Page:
McDermott v. ReganAnnotate this Case
82 N.Y.2d 354 (1993)
624 N.E.2d 985
604 N.Y.S.2d 890
Joseph E. McDermott, Individually and as President of the Civil Service Employees Association, Inc., Local 1000, AFSCME, AFL-CIO, et al., Respondents, v. Edward V. Regan, as Comptroller of the State of New York, et al., Respondents, and State of New York, Appellant. Edward W. Guzdek, Individually and as President of the Police Conference of New York, Inc., et al., Respondents, v. Edward V. Regan, as Comptroller of the State of New York, et al., Respondents, and State of New York, Appellant. Joseph P. Puma, Individually and as Executive Director of the New York State Inspection, Security and Law Enforcement Employees, District Council 82, American Federation of State, County and Municipal Employees, AFL-CIO, et al., Respondents, v. Edward V. Regan, as Comptroller of the State of New York, et al., Respondents, and State of New York, Appellant.
Court of Appeals of the State of New York.
Argued October 14, 1993.
Decided November 16, 1993.
Robert Abrams, Attorney-General, Albany (Peter G. Crary, Jerry Boone and Peter H. Schiff of counsel), for appellant in the three above-entitled actions.
Nancy E. Hoffman, Albany, and Robert Reilly for Joseph E. McDermott and others, respondents in the first above-entitled action.
Dreyer, Boyajian & Tuttle, Albany (James B. Tuttle of counsel), for Edward W. Guzdek and others, respondents in the second above-entitled action.
Rowley, Forrest, O'Donnell & Hite P. C., Albany (Richard R. Rowley, Mark S. Pelersi and Kevin S. Casey of counsel), for Joseph P. Puma and others, respondents in the third above-entitled action.
John F. Black, Albany, and Paula L. Chester for Edward V. Regan and others, respondents in the three above-entitled actions.
Richard E. Casagrande, Albany, Jeffrey G. Plant and Elizabeth R. Schuster for Howard A. Shafer, respondent in the first above-entitled action.
Chief Judge KAYE and Judges SIMONS, TITONE, HANCOCK, JR., and BELLACOSA concur; Judge LEVINE taking no part.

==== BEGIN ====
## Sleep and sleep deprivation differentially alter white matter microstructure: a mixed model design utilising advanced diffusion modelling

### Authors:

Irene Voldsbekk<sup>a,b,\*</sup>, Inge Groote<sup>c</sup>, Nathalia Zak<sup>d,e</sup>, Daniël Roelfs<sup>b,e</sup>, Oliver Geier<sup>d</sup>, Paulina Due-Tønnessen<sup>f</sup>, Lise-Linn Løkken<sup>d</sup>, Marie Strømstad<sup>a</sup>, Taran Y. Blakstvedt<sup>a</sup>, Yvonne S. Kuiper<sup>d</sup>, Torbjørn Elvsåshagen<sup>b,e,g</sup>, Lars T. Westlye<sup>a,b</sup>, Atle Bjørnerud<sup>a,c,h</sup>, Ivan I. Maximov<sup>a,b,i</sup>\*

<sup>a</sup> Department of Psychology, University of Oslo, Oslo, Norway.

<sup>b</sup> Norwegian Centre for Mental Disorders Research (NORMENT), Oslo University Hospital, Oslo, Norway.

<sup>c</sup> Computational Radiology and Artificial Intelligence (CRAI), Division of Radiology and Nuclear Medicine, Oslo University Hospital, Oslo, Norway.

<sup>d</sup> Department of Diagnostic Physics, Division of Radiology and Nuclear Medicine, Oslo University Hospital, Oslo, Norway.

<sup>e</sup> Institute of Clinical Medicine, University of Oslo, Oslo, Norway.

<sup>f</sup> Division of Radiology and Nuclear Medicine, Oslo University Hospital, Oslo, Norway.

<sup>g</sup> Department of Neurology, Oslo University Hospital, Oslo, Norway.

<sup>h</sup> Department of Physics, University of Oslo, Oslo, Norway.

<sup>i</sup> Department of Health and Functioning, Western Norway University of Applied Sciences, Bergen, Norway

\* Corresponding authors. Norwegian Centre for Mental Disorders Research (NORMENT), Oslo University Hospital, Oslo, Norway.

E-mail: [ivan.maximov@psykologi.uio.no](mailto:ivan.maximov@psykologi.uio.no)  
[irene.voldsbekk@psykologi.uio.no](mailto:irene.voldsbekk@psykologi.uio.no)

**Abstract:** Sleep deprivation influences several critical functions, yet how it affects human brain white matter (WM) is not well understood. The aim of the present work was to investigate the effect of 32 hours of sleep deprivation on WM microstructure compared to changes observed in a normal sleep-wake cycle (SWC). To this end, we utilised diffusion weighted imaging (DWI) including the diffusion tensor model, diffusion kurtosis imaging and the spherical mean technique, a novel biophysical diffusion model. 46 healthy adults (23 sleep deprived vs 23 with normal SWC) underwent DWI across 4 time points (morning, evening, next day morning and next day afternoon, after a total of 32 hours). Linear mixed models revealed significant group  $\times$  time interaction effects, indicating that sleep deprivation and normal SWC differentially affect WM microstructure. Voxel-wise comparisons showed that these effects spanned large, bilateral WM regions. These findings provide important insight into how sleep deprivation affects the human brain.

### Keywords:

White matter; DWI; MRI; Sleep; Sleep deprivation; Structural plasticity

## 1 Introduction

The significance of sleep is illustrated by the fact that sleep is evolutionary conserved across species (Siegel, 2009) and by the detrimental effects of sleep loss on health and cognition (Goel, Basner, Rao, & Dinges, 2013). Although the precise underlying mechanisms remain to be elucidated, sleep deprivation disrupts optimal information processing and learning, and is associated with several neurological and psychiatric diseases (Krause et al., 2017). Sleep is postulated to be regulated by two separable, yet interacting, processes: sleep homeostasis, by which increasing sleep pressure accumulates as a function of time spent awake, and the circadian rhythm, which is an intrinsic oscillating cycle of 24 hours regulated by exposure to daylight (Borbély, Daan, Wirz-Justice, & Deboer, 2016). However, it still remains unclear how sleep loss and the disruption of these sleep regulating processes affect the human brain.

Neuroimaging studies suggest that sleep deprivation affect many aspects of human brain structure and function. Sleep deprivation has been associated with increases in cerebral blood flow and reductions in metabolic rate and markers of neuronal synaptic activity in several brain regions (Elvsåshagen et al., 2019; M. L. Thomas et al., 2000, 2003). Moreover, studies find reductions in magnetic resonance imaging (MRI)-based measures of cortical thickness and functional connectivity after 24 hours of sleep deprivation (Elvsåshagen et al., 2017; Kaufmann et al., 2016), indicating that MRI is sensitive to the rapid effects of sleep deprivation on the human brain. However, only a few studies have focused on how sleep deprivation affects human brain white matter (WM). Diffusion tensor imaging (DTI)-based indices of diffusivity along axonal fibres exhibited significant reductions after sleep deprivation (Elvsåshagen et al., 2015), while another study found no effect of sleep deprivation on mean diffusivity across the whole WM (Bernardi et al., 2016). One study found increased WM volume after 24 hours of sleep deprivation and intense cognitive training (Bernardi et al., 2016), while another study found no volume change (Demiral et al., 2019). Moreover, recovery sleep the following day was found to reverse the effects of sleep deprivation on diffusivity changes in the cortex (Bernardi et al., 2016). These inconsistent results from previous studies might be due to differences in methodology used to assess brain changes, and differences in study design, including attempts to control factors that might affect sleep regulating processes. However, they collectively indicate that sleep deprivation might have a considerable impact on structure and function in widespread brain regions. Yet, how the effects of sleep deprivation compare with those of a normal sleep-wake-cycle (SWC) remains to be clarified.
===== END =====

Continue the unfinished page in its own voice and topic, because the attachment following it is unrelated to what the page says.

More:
The issue here is whether chapter 210 of the Laws of 1990, which changes the funding method for New York State Retirement Systems from an Aggregate Cost (AC) method to a Projected Unit Credit (PUC) method, violates article V, § 7 of the New York State Constitution, requiring that a system member's benefits not be "diminished or impaired." Supreme Court granted the plaintiffs' motions for summary judgment declaring sections 1 through 7 of chapter 210 unconstitutional. The Appellate Division affirmed.
The retirement system for public employees in New York State resulted from a report of the New York State Commission on Pensions issued in 1920 (see, L 1918, ch 414, as amended by L 1919, ch 22). The report recommended the establishment of a retirement system for State and municipal employees and that the management of the system and the direction of the investment of funds be vested with the State Comptroller (Report of Commn on Pensions, 1920 NY Legis Doc No. 92, at 27). The Legislature adopted a plan for State employees (L 1920, ch 741) which was extended to include county, city, town and village employees (see, L 1922, ch 591; L 1923, ch 708).
At the present time there are three pension funds for public employees in New York State. The largest fund is the Common Retirement Fund (CRF) which is composed of the New York State and Local Employees' Retirement System (ERS) and the New York State Police and Fire Retirement System (PFRS). It provides retirement, death and disability benefits to approximately 800,000 past and present employees and their beneficiaries. The other two systems are the New York City Retirement Fund and the New York State Teachers' Retirement Fund.